I grew up in a goofy family, with silliness, play, fun and frolic being a staple of our South Jersey suburban, two parent, two kid,  goldfish, turtles and dog, over the years, sometimes grandmothers, and extended family -visiting home. Laughter rang through the halls, made up words, silly pet names….if you promise not to tease me…my father would call me “Eeedle Deedle Dumpling”. Family home movies show us (my younger sister Jan and me) dancing  un-selfconsciously at The Worlds Fair in NY at ages 5 and 3 or thereabouts. Another image was of my mother going down a sliding board at Dutch Wonderland in Lancaster, PA, hands in the air….wheeee! My father would sled, fly kites, bicycle with us. My mother would sing and dance in the living room with us, and as a romantic gesture, throughout their nearly 52 year marriage, they would dance in the kitchen. When my cousin Jody and I lived together, she and I would have impromptu nightgown dances and laugh at all kinds of bizaare things.

When I was married, my husband Michael and I became clowns, partly as a way of helping him alleviate pain from Hep C and partly for the pure fun of it. His character Bashful,  was silent and communicated through gestures. One time we went to the supermarket and someone assumed we were either heading to or returning from a kid’s birthday party. She said:  “Where are you going?” and Michael pointed in front of him. “Where did you come from?” and he gestured behind him.  Another time, we had a craving for ice cream and were already in pj’s, but we jumped in the car anyway, Michael’s outfit was accessorized with fuzzy bear paw slippers. Other customers looked at these two seemingly mature adults and likely thought “I would never do that.” or perhaps secretly wished they could.  When my son was in his teens, his mom who continued clowning, went to a local peace fair and ran into a fellow laugh monger who was wearing a button that boasted “I embarress my offspring.” to which I responed with delight “Ooooohhh, I would love one of those, where did you get it?” He took it off, handed it to me and told me that he had more at home. I wore it proudly. Adam still rolls his eyes at my behavior, but has come to accept it as part and parcel of being my son.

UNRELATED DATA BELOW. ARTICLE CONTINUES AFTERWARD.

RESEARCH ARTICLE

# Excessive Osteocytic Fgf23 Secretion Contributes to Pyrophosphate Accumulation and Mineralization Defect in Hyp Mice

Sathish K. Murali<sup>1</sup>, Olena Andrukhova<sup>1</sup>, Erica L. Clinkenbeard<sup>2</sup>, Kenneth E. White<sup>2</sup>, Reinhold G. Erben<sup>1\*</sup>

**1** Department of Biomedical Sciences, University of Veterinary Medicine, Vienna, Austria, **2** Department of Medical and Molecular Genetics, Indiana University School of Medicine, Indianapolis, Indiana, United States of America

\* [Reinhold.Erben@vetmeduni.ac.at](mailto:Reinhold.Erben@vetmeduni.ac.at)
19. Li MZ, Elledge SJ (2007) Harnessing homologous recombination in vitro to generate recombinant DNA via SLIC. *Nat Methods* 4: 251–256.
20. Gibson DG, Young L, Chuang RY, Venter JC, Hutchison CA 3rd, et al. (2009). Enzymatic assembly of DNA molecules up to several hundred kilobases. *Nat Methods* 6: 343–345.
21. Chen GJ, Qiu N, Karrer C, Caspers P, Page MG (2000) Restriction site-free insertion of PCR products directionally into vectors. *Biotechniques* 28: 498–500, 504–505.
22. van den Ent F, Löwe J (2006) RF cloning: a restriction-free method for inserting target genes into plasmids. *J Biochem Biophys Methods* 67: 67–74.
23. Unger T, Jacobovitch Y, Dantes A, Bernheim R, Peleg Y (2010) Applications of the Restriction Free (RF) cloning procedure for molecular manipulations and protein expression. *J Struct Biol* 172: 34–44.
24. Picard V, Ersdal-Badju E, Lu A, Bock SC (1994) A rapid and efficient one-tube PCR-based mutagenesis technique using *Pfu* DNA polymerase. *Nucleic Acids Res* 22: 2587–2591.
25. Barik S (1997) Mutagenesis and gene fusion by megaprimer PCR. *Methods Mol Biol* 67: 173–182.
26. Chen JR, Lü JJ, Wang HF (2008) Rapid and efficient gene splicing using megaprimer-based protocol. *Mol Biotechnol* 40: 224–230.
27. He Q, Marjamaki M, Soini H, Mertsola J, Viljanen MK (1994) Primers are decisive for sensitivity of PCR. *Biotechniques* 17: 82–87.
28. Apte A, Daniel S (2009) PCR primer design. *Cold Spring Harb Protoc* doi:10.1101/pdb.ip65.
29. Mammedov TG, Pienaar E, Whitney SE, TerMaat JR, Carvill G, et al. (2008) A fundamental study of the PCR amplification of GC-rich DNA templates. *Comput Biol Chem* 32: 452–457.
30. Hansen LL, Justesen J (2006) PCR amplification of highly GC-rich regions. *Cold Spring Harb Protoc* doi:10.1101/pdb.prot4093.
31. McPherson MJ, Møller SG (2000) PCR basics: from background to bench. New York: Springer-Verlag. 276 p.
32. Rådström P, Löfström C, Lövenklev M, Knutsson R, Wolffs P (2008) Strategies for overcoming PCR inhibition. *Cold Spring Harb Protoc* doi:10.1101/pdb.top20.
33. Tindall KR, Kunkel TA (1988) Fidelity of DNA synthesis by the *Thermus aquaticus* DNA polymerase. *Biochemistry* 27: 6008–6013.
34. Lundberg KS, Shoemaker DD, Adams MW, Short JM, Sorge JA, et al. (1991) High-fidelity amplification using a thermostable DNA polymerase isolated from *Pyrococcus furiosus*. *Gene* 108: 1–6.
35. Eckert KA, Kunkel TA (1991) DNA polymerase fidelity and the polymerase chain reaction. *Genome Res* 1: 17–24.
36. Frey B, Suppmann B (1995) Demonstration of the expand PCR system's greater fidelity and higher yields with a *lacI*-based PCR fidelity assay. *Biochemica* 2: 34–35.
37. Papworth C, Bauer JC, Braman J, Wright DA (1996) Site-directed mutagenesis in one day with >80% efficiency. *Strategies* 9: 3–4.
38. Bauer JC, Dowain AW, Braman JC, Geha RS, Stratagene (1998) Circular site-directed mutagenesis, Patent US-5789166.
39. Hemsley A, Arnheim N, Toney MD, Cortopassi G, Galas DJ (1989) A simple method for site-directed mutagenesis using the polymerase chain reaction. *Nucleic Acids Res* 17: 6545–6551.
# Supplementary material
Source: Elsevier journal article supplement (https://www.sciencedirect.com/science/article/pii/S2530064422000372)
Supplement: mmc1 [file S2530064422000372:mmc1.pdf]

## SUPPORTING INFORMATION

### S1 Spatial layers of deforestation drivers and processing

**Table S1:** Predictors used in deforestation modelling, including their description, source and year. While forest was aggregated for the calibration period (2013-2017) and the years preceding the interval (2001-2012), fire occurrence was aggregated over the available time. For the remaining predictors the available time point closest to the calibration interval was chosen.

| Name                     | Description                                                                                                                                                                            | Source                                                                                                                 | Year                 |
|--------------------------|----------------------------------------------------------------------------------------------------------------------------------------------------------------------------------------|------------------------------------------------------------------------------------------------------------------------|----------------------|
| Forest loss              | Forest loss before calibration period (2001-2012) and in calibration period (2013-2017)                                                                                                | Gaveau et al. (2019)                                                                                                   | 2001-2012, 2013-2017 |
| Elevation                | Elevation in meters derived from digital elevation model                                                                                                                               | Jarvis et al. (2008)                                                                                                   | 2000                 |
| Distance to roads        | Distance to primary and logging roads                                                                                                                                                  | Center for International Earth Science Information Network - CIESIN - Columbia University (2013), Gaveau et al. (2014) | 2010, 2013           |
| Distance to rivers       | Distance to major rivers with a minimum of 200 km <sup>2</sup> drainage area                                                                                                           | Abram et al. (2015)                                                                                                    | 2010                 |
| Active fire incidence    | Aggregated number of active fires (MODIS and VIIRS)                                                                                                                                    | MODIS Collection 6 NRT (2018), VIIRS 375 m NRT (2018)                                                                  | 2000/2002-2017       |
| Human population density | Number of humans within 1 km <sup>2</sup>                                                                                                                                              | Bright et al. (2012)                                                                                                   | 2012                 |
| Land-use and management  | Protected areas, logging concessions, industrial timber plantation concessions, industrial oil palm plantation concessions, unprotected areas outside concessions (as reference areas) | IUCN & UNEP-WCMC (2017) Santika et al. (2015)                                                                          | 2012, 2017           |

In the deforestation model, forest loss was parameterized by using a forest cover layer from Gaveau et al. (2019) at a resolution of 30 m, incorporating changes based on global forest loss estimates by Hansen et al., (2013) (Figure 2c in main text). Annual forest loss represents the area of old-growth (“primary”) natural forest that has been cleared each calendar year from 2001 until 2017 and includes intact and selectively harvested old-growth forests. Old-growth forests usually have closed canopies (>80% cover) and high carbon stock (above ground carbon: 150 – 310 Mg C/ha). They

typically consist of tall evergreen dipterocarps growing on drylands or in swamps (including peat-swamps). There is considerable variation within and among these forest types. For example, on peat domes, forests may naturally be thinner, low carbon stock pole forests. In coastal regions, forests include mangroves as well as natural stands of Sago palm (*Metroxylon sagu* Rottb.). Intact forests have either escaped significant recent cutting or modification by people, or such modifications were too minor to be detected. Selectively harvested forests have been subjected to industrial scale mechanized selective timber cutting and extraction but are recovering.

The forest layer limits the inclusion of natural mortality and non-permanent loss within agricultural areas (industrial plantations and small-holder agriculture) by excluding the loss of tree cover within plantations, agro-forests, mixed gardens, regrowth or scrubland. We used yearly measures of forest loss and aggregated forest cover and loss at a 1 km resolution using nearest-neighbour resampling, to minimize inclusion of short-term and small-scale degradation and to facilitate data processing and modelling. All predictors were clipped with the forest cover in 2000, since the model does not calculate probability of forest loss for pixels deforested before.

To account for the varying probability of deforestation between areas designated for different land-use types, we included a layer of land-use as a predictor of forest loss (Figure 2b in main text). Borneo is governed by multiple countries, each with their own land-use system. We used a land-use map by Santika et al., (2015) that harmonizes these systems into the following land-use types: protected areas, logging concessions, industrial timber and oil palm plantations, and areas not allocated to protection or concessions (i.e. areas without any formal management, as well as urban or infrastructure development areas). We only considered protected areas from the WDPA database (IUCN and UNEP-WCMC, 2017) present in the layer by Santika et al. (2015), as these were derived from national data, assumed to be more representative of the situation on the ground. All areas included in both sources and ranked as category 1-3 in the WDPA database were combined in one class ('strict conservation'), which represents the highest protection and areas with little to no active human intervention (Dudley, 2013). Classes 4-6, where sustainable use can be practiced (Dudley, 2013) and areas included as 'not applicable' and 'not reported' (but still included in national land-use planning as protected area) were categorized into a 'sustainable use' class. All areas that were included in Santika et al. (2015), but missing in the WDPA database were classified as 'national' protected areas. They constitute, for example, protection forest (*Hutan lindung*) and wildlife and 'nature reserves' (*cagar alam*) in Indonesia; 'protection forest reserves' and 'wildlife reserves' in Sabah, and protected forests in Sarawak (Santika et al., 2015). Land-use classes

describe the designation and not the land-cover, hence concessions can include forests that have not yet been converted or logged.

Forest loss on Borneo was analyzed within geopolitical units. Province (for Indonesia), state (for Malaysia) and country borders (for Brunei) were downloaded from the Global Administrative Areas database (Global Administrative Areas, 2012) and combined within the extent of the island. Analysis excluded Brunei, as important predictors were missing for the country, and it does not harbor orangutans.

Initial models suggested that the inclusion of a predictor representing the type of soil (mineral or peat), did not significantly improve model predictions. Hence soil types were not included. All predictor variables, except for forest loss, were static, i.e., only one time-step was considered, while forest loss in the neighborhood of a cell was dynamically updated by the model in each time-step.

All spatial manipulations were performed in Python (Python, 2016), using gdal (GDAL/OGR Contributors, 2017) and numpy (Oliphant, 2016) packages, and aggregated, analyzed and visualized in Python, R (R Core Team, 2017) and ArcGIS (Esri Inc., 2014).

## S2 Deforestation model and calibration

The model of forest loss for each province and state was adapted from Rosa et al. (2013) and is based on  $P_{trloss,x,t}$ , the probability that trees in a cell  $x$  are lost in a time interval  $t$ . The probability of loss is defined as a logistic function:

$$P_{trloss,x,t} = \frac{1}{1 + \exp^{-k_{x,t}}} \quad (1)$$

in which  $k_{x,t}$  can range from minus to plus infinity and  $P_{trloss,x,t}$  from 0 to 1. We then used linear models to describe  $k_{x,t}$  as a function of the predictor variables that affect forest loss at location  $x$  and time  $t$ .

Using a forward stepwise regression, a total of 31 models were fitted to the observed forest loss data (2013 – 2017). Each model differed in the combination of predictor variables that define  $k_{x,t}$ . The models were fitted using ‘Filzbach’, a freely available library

I sing in the car, with full hand motions, dance in supermarket aisles, still dress flamboyantly at times, wear sparkly glitter that a friend has said comes from my pores. I carry bubbles in the car to use while in traffic jams to lighten my mood, and surround myself with silly friends who aren’t embarressed by my antics and sometimes join me in them. Many of my friends are childrens’ ‘edutainers’ whose groupies are under 4 feet tall and under 4 years of age and I suspect this joyful work keeps them youthful. My own genetic goofiness helps this newly minted 54 year old remain ageless as well.